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Bolstering Catania’s case for the District’s top political job is the name recognition that comes with being a citywide elected official with a long record of leadership on high-profile issues that are popular with progressive voters, including the legislation to make the city smoke-free, establish gay marriage and legalize medical marijuana.
Plus, it’s not his first time playing the underdog.
Catania stunned D.C.’s political establishment in 1997 when he defeated prominent Democrat Arrington Dixon in a special election for an at-large council seat. Dixon had “crushing name recognition,” compared to Catania, then a 29-year-old lawyer, who was in his first year as an advisory neighborhood commissioner.
“As far as contradictions, you could stack them up,” Catania said. “You’re young, you’re new, you’re unknown, you’re a Republican, you’re gay — forget it.”
Catania easily won re-election in 1998, 2002, 2006 and 2010. Before taking the helm of the Education Committee, he helped expand access to pediatric care as chairman of the Health Committee.
It was in that capacity that he first met Cindy Rosenwald, a Democratic New Hampshire state House member. He convinced Rosenwald to take on the cause of voting representation in Congress for the District. Catania has traveled to New Hampshire to testify in support of Rosenwald’s resolutions three times — most recently in late February.
“I think he’s really smart and I’ve noticed that he really cares about the residents of the District a lot,” Rosenwald told CQ Roll Call. “He seems to have a comprehensive understanding of the diverse neighborhoods. ... He’s also very brave.”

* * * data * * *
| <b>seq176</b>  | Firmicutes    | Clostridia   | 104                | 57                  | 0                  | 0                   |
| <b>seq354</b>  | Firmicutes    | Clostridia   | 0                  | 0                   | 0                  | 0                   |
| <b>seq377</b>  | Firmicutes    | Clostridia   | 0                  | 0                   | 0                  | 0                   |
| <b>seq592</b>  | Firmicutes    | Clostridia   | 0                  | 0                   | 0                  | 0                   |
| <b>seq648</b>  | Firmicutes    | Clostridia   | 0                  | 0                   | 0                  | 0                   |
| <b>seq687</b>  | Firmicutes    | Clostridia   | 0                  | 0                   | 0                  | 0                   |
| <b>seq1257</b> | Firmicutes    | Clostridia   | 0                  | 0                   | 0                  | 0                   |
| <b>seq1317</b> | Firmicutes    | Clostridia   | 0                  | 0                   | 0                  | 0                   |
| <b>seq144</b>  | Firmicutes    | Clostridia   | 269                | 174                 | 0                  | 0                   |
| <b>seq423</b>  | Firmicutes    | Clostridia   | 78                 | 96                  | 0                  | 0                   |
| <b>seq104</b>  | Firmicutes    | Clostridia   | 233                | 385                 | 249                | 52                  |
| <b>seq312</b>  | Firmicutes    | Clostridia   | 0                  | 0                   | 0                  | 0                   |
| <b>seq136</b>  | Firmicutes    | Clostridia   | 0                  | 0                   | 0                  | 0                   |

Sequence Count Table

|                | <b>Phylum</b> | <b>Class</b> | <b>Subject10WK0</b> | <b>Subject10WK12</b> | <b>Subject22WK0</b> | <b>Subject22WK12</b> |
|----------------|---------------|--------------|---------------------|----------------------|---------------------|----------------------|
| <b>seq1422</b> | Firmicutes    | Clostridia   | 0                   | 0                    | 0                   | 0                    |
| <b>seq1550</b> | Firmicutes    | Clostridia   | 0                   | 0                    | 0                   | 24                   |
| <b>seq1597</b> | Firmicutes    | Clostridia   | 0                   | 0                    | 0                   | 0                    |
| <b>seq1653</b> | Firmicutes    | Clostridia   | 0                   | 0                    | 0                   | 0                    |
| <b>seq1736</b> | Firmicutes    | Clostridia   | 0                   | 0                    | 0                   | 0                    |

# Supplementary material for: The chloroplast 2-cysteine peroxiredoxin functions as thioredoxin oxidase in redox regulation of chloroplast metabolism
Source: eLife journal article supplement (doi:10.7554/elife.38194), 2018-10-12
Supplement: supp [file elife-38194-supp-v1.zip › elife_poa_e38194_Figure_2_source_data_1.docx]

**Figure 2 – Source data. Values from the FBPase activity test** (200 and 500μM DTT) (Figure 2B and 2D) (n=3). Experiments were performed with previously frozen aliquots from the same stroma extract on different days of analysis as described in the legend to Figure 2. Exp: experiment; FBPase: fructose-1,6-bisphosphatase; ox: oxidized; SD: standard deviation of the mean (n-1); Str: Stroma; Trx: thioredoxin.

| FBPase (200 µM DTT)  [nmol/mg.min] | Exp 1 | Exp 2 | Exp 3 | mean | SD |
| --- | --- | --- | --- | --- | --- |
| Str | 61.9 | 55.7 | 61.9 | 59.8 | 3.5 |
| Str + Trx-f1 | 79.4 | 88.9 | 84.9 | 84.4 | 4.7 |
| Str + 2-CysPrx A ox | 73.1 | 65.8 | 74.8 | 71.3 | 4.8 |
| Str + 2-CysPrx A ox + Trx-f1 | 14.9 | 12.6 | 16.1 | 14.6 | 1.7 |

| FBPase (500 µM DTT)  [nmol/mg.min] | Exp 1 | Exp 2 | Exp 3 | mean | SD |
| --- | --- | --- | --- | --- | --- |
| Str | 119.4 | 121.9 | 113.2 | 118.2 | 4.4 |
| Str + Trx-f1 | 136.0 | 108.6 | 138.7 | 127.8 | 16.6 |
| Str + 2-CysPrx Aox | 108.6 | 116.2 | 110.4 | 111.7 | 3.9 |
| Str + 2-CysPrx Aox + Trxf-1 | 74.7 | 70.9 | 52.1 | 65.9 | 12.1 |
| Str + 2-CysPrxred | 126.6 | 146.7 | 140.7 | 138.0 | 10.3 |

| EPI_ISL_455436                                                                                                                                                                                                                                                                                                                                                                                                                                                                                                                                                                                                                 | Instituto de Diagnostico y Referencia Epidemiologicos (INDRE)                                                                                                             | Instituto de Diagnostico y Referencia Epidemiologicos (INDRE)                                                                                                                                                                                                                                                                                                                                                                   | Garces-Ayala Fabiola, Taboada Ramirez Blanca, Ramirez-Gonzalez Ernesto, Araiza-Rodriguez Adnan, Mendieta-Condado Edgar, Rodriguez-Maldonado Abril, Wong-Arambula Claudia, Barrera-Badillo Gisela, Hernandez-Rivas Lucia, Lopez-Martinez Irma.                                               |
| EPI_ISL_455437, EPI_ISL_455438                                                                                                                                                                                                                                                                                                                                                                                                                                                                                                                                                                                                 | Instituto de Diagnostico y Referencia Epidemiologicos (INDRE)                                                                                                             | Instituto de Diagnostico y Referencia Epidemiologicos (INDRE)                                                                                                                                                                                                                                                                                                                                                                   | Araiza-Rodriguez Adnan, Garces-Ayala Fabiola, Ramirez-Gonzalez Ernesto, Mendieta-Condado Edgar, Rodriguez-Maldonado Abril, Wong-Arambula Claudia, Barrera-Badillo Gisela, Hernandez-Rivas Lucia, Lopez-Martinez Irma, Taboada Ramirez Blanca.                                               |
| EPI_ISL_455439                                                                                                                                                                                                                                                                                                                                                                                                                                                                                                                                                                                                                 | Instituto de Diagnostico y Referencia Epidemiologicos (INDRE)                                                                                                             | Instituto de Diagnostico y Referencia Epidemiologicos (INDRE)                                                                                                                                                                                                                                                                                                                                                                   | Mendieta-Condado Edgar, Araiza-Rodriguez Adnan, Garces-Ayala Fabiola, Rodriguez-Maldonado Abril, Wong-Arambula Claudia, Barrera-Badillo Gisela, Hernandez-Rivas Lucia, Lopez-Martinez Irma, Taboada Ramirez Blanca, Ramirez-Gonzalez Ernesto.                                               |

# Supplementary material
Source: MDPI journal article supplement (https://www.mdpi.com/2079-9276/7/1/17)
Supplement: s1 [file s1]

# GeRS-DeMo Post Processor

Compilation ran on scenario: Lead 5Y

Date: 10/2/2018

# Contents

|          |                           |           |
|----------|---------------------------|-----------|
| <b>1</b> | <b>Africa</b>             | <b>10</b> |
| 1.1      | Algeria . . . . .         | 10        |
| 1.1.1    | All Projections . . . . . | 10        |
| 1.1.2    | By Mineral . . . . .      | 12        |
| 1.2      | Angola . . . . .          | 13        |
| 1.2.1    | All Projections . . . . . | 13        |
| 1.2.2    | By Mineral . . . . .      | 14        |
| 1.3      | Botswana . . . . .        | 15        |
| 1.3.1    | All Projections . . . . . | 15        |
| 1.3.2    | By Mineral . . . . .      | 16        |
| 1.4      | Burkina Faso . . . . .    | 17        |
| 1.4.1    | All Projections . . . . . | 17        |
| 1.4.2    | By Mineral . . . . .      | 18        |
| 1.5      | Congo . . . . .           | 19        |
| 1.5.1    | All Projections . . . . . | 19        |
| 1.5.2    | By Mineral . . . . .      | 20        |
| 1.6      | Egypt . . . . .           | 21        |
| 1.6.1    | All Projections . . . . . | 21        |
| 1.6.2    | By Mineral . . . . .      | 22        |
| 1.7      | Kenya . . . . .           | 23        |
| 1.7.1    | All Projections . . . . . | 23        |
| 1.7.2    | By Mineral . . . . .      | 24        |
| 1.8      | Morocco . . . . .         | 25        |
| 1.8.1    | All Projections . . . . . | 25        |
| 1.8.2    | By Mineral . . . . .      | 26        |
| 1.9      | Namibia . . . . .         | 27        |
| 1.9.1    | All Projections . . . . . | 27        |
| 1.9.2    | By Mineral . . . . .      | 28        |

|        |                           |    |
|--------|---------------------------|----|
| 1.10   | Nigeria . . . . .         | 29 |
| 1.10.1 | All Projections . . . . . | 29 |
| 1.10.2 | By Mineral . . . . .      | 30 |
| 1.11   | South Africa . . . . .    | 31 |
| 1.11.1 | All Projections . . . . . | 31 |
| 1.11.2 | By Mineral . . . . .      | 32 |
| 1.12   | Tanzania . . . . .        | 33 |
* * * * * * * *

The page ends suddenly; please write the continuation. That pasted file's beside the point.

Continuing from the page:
The resolution has been recommended for passage and could come up for a vote on the New Hampshire House floor as early as Thursday, Rosenwald predicted.
Catania calls New Hampshire his “first stop” in an East Coast tour aimed at building support for expanding D.C.’s rights in Congress. Next up is Vermont, to lobby his good friend Gov. Peter Shumlin, who is the current chairman of the Democratic Governors Association. They worked together on pharmaceutical legislation when Catania was leading the National Legislative Association on Prescription Drug Prices.
“I know he’s a great friend of the District,” Catania said, explaining his plan to win New England’s endorsement of D.C. statehood. “You’ve got to break that seal, then the others come rapidly.”
If elected, the Midwestern native promises to take his fiercely independent mindset to Congress. He’s got a “beef” with the idea of “internalized subjugation” to Capitol Hill and other institutions.
Catania said he never learned that where he grew up. He spent much of his childhood in the small Kansas town of Osawatomie, along the plains where abolitionist John Brown led his uprising.
“There is an ongoing competition as to who will govern us,” said the soon-to-be mayoral candidate. “Will it be the opinion formers of newspapers, members of Congress or will it be the elected leadership of the city?”